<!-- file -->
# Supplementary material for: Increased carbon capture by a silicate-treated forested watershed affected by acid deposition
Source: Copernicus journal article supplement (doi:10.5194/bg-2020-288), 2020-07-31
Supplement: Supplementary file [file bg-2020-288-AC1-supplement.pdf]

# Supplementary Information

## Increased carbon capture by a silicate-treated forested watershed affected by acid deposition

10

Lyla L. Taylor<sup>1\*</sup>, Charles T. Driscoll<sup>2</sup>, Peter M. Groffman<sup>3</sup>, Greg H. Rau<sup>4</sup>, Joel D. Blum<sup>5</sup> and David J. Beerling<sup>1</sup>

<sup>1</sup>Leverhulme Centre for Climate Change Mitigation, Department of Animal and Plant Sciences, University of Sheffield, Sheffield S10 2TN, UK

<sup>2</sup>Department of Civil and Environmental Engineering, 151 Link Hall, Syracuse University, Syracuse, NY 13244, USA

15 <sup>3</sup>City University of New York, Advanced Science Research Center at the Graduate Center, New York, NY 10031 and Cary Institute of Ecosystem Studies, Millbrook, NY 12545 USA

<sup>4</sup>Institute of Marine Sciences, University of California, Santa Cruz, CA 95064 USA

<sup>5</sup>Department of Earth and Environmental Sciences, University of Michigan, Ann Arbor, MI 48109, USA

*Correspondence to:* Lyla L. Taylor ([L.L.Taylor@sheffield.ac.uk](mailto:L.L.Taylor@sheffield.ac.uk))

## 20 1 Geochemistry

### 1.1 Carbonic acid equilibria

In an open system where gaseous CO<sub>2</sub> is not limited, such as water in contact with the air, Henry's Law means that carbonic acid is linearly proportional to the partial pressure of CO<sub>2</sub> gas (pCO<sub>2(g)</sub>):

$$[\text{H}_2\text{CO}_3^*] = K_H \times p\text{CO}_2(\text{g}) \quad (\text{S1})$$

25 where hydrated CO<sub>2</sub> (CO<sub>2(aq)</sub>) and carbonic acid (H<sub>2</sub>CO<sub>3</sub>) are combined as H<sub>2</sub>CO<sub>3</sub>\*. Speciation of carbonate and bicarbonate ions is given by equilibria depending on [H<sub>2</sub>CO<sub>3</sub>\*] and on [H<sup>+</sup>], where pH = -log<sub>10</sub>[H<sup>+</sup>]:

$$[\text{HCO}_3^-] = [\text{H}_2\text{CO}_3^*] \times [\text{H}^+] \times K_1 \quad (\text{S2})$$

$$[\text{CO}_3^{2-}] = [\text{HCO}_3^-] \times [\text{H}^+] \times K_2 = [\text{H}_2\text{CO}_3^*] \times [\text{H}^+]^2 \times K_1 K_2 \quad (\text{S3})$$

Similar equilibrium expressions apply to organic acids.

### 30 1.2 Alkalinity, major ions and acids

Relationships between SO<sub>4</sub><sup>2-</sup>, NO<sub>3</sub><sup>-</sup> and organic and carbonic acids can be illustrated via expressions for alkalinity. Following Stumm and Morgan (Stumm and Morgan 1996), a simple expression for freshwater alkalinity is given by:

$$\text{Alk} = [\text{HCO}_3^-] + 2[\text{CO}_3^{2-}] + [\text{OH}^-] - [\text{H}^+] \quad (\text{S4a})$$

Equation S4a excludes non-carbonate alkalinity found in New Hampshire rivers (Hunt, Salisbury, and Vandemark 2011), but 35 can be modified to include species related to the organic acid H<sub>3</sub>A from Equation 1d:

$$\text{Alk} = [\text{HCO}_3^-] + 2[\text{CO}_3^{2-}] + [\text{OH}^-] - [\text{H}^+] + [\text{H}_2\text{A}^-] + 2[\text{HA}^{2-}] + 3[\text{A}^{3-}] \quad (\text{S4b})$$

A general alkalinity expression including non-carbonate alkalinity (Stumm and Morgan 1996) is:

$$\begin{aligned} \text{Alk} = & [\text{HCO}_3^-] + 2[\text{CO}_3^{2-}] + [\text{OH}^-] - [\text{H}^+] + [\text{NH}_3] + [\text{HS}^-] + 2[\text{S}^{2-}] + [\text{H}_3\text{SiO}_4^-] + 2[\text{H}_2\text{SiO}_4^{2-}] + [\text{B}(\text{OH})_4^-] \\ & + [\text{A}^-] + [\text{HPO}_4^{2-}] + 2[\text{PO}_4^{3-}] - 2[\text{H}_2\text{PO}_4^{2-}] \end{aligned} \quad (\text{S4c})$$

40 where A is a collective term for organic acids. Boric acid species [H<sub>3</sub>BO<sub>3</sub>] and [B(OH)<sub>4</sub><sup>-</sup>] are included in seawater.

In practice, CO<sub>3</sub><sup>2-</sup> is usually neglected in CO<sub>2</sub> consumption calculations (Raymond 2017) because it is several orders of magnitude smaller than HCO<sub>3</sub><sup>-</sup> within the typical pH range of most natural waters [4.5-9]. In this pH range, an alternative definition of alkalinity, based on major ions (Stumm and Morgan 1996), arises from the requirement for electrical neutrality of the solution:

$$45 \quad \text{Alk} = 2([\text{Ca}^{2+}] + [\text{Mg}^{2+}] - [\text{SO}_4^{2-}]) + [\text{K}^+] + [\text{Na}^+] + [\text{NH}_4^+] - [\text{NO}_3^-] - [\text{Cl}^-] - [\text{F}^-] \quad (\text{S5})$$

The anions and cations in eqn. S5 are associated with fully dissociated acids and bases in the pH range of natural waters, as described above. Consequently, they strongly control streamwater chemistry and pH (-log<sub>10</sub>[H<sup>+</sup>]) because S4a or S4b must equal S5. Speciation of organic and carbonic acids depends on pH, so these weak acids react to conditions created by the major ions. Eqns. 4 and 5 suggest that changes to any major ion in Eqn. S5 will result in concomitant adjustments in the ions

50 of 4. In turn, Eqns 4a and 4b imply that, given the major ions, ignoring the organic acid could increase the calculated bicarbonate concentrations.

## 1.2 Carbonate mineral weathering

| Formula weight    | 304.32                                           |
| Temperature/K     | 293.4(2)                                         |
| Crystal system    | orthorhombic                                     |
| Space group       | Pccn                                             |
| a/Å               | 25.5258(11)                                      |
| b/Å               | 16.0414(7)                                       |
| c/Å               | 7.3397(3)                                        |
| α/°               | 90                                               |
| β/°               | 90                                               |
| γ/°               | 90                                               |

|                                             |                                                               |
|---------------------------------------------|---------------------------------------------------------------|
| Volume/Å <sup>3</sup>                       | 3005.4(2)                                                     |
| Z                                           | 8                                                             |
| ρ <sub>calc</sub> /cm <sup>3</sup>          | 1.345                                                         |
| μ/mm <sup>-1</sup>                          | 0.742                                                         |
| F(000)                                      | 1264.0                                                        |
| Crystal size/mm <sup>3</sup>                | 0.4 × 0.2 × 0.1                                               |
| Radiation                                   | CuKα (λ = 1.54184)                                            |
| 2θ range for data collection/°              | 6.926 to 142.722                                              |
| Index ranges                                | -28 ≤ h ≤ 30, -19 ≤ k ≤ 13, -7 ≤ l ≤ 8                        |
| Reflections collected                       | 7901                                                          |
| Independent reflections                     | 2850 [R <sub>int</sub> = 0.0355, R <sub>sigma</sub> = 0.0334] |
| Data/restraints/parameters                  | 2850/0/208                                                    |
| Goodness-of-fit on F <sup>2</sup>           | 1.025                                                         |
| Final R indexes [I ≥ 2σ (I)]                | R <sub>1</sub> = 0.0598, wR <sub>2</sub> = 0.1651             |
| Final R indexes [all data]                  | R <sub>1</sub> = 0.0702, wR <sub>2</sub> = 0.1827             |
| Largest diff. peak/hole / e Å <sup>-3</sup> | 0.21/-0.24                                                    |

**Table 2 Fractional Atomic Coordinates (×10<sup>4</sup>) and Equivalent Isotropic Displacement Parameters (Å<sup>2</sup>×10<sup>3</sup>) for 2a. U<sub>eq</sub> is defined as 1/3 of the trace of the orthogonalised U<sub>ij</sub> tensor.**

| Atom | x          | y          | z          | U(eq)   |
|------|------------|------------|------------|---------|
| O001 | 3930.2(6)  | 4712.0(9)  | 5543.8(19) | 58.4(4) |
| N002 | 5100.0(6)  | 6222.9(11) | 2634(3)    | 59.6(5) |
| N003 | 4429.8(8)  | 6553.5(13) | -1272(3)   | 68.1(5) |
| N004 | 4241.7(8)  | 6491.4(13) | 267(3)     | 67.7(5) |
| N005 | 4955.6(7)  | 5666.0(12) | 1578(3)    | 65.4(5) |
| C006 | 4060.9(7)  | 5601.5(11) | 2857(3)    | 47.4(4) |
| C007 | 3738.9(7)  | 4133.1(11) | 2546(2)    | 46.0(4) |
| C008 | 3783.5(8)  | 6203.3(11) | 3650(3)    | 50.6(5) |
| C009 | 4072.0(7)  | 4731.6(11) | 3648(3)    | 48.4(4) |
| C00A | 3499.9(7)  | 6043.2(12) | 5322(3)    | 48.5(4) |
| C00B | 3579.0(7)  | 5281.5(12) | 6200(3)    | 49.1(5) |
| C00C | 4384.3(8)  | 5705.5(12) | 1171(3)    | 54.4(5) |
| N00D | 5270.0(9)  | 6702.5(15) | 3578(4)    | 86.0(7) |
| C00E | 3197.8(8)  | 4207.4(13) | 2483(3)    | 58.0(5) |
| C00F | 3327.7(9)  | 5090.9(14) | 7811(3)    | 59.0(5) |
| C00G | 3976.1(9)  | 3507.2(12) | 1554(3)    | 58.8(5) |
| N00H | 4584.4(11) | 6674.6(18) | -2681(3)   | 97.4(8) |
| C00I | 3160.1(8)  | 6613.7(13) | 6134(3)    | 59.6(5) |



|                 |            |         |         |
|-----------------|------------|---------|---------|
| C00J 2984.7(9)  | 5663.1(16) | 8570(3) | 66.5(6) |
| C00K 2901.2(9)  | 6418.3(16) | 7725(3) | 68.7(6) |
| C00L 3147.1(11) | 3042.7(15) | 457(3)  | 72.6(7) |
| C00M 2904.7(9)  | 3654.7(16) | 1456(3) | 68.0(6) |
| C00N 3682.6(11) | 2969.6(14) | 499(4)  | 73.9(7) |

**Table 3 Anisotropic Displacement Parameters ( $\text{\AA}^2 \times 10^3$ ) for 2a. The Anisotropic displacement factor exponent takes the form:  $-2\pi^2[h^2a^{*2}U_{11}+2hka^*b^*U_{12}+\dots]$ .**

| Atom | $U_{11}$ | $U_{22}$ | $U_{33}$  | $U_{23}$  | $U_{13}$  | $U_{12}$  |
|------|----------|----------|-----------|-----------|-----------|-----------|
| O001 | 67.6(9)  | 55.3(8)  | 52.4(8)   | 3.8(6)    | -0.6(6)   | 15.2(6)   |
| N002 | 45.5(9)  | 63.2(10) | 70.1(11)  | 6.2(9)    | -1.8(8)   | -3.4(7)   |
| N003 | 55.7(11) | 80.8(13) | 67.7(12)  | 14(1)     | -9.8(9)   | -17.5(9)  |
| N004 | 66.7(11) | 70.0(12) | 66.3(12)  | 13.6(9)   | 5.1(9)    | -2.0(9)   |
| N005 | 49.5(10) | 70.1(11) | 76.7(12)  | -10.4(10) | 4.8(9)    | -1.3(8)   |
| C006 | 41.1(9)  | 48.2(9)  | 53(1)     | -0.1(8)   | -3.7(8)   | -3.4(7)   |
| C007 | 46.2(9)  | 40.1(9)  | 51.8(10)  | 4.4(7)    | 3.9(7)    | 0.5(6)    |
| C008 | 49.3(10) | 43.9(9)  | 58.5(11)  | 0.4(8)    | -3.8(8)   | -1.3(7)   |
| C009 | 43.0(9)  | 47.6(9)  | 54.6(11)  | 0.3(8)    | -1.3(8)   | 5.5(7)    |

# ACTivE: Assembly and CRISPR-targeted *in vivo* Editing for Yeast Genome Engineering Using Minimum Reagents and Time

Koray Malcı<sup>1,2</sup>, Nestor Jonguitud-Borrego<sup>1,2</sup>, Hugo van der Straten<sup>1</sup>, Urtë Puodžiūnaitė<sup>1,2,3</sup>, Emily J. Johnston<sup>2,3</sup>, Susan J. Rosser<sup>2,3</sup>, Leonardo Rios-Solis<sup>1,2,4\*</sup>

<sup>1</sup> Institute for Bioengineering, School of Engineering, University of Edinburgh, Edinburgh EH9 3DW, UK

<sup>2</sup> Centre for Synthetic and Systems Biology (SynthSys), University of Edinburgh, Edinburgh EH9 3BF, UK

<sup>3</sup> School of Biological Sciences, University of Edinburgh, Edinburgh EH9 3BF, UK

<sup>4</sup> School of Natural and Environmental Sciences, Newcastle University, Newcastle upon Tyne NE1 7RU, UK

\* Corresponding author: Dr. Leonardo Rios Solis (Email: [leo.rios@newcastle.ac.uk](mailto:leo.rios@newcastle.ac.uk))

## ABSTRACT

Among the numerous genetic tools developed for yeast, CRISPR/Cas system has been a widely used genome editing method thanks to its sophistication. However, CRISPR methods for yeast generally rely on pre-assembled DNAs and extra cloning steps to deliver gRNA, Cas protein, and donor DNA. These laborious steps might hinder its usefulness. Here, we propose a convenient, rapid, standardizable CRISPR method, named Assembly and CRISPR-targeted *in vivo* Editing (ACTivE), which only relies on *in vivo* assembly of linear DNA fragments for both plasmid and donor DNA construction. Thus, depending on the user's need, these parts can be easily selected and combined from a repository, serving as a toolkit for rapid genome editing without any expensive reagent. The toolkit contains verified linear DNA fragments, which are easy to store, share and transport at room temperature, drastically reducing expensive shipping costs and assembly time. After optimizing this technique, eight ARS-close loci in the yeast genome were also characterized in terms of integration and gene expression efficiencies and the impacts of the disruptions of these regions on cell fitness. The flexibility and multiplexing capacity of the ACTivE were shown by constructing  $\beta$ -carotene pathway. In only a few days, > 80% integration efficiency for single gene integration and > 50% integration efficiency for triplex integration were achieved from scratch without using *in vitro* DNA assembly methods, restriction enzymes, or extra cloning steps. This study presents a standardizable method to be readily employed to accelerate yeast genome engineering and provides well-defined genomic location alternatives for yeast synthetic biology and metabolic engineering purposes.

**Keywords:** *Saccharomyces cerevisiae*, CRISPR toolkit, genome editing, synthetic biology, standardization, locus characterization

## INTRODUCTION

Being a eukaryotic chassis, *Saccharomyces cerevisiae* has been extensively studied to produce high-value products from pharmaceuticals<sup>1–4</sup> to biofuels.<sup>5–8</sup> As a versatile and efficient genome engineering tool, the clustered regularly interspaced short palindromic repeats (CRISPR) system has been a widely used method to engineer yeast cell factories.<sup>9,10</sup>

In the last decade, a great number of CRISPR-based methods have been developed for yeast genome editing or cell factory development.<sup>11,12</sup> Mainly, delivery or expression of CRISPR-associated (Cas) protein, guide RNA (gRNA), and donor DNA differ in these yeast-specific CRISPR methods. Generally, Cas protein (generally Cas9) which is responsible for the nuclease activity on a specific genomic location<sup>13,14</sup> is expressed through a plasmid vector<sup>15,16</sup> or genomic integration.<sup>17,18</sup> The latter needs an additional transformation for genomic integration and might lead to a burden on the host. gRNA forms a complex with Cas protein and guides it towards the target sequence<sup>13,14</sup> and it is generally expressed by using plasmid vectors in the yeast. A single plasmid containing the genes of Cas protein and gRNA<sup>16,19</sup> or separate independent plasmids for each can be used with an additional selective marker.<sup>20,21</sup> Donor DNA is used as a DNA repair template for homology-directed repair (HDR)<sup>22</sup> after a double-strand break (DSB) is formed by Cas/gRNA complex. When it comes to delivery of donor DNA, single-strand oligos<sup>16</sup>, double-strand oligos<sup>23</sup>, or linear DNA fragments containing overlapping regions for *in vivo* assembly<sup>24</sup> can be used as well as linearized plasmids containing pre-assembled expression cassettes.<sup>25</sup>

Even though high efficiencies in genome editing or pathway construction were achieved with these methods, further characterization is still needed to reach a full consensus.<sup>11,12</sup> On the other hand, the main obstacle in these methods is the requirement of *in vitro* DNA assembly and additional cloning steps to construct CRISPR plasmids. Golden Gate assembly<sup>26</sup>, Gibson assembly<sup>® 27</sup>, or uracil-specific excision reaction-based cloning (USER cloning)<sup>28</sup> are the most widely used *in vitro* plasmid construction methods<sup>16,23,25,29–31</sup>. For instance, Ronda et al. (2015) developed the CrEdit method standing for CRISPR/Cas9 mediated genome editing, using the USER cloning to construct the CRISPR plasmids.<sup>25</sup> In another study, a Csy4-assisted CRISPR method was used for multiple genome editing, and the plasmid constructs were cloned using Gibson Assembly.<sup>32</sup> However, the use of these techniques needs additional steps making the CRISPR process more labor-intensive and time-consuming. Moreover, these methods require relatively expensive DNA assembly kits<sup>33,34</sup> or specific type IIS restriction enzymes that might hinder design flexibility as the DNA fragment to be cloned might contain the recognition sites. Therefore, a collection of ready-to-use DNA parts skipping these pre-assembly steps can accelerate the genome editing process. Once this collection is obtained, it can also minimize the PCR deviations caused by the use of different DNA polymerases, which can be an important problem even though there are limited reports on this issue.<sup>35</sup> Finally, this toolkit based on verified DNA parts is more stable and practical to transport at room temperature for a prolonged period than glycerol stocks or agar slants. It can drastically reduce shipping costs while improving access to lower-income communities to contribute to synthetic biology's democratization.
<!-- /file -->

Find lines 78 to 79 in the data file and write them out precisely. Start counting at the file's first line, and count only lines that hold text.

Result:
| N00D | 5270.0(9)  | 6702.5(15) | 3578(4)    | 86.0(7) |
| C00E | 3197.8(8)  | 4207.4(13) | 2483(3)    | 58.0(5) |